Having Sex after Pregnancy: Are You Prepared?


Now you’ve got a new little person’s wellbeing to watch out for, sex after pregnancy might be the last thing on your mind. However, at some point you will start to think about your sexual health again, and you need to understand what to expect and how to renew intimacy with your partner.


When can you start? Unfortunately, sex after pregnancy can be a little harmful to your wellness in the early stages, thanks to vaginal soreness and sheer exhaustion. Whether you have had a c-section or given birth vaginally, your body will need time to heal and so jumping back in bed is perhaps not the best idea. Most wellness experts will agree that you need to wait for four to six weeks before having sex again, as this will give your body time for your cervix to close, postpartum bleeding to stop, and any tears or repaired lacerations to heal. However, there’s another important timeline to consider; your own. While some women are jumping at the bit to have sex again, others need a few months or even longer to move past the fatigue, stress and fear of pain that all take a toll on your sex drive.


Will it hurt? You go through a lot of hormonal changes after pregnancy – especially if you’re breast-feeding – which means your vagina will most likely be dry and tender. This means you need to take things slow to help ease any discomfort during sex. Start with some cuddling, kissing or massage before you gradually move on to a greater intensity of stimulation. Lubricants and gels can help with vaginal dryness, as can trying different positions to take pressure off any sore areas and control penetration. As is always the case with sex, communication is crucial, so you need to tell your partner what feels good — and what doesn’t. If sex continues to be painful, consult your health care provider about possible treatment options.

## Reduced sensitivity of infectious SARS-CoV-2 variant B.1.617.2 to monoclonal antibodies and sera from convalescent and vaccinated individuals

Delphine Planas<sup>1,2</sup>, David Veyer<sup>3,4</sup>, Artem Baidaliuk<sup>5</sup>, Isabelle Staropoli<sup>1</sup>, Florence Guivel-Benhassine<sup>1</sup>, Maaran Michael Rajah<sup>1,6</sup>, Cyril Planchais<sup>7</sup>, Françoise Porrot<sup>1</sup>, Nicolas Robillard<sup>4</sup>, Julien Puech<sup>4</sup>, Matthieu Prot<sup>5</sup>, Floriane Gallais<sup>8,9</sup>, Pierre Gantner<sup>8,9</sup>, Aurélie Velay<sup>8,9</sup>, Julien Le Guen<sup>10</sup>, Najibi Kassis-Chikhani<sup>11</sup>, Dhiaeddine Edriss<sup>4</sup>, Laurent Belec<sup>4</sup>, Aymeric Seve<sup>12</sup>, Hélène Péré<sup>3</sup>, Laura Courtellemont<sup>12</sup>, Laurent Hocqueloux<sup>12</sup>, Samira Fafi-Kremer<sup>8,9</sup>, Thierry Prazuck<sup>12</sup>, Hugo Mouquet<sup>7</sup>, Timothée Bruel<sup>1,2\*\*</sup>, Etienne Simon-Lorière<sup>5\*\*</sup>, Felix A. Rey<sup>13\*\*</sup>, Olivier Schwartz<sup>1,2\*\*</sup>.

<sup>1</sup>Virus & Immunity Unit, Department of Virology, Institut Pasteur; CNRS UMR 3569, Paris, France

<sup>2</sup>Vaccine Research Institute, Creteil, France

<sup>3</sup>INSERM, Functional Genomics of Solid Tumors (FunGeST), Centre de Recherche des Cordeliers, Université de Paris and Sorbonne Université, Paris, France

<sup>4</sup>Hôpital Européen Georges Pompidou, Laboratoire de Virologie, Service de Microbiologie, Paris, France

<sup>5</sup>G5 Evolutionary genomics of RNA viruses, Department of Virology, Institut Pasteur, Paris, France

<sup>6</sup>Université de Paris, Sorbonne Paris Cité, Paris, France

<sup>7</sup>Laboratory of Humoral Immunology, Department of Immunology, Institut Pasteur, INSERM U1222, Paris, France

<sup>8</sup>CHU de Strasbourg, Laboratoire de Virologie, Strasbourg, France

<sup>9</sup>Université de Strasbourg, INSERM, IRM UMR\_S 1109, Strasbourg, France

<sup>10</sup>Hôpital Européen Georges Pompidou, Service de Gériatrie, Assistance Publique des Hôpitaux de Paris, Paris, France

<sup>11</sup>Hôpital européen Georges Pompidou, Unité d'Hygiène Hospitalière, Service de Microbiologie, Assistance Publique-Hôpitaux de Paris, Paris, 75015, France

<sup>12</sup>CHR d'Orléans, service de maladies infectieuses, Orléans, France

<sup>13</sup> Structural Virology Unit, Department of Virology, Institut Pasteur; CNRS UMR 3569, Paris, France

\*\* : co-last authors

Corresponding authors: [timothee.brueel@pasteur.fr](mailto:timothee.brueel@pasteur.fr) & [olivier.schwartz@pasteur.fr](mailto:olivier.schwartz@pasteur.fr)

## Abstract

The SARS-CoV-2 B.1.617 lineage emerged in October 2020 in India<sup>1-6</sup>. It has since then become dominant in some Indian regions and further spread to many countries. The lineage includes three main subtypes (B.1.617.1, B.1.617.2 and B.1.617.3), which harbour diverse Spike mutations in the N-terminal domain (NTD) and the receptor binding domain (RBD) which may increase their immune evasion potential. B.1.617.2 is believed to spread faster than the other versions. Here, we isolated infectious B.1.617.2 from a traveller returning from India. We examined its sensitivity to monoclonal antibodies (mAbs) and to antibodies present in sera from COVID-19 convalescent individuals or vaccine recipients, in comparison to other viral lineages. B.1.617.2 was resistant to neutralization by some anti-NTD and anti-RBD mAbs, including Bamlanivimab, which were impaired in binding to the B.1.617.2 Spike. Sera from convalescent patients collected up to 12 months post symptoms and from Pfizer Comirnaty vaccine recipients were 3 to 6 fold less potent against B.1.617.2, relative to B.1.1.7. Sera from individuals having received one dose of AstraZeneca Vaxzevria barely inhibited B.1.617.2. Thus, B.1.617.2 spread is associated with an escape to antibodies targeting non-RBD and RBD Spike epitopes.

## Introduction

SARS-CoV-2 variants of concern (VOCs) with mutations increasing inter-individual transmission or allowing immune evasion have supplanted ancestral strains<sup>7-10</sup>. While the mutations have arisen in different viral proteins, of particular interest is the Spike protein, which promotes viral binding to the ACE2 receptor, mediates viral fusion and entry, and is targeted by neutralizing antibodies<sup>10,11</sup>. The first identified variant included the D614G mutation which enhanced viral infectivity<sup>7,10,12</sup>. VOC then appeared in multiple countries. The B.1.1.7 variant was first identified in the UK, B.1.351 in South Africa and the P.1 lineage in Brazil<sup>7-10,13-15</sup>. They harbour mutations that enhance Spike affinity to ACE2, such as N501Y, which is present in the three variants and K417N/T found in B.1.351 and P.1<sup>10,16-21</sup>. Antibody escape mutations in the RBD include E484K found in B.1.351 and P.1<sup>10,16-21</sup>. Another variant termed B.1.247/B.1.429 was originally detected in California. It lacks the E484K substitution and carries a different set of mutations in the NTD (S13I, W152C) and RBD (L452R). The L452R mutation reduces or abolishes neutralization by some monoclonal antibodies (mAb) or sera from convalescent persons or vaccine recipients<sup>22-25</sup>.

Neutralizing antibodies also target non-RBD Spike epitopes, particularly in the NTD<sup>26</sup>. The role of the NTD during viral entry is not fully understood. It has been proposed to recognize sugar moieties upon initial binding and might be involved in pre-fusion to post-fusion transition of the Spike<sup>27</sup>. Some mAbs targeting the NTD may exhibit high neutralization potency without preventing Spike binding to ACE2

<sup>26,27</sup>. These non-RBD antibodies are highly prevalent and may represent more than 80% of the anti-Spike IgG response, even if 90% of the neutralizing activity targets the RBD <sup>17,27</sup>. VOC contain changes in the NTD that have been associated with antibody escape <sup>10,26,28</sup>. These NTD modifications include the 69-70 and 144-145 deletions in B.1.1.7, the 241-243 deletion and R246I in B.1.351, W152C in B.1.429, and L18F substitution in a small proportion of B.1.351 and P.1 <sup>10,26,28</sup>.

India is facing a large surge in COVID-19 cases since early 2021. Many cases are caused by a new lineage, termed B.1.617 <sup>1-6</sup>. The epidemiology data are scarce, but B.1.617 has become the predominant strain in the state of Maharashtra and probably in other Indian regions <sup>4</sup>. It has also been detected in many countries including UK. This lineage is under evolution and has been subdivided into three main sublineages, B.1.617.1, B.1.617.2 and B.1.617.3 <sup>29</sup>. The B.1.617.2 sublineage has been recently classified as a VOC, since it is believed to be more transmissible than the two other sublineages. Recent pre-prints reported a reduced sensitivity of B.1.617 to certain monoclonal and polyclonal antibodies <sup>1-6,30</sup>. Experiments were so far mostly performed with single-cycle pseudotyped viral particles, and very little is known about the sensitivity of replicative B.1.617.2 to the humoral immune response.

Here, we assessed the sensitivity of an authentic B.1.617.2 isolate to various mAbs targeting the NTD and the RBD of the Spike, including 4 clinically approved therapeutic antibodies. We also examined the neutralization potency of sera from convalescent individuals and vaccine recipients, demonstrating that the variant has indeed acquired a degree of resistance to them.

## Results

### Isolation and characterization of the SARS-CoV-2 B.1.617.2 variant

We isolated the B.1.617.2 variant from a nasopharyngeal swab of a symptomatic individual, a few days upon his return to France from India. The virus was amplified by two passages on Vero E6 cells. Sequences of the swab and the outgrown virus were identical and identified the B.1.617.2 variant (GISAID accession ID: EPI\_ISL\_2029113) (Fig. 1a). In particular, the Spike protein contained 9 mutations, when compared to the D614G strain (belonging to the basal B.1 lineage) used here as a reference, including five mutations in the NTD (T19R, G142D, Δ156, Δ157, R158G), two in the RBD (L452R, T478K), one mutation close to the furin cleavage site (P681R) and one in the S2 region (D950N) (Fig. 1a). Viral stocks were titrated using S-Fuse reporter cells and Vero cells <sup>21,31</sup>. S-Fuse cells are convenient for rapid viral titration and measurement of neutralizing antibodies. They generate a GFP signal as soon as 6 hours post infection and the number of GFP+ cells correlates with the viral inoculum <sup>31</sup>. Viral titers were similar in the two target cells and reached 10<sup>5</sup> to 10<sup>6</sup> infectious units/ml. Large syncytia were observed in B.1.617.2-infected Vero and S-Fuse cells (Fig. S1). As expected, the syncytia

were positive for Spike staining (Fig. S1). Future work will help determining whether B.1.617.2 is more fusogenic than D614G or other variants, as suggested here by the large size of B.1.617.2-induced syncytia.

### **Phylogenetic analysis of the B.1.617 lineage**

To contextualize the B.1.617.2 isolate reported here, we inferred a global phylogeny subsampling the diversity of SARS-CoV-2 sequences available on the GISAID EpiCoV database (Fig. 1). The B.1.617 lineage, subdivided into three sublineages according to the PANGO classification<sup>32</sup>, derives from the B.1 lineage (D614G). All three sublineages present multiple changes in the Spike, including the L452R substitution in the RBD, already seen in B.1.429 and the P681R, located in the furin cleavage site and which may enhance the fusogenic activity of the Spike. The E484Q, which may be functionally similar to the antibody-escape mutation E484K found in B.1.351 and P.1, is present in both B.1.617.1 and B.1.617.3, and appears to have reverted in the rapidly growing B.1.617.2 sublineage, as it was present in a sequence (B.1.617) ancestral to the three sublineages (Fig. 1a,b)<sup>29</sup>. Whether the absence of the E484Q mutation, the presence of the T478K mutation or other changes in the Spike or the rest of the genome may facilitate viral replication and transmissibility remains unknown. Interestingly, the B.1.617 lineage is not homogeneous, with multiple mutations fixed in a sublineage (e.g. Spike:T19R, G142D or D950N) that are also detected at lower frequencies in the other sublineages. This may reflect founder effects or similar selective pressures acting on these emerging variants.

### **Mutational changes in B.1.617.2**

Will it feel different? If you delivered vaginally, the muscle tone in your vagina will have decreased, meaning that the pleasurable friction you normally experience during sex may be missing. This can have an influence on your arousal and enjoyment of sex, albeit temporarily. Kegel exercises can help you to tone your pelvic floor muscles more quickly, and, as a result, get back to that amazing arousal you used to experience. To locate the right muscles, stop your flow while peeing. The muscles that you use to do this are the ones you need to contract, exhaling as you do so and inhaling when you release. Try it for five seconds at a time, four or five times in a row, and then work up to keeping the muscles contracted for 10 seconds at a time, relaxing for 10 seconds between contractions. Eventually, you should be aiming to do at least three sets of 10 Kegel exercises a day.


What birth control do you need? Even if you’re breast-feeding, sex after pregnancy requires a reliable method of birth control – unless you’re eager to go through childbirth again! Barrier methods such as condoms and spermicides are available over-the-counter and are safe to use at any time. Birth control methods that contain only the hormone progestin, such as the minipill or Mirena, a hormonal intrauterine device (IUD), are also OK to use immediately after childbirth, but any method that contains oestrogen – such as combined birth control pills or the vaginal ring – may increase your risk of blood clots. If you want to return to combined birth control pills or other types of combined hormonal birth control, it is recommended that you wait until six weeks after childbirth.

Comments are closed.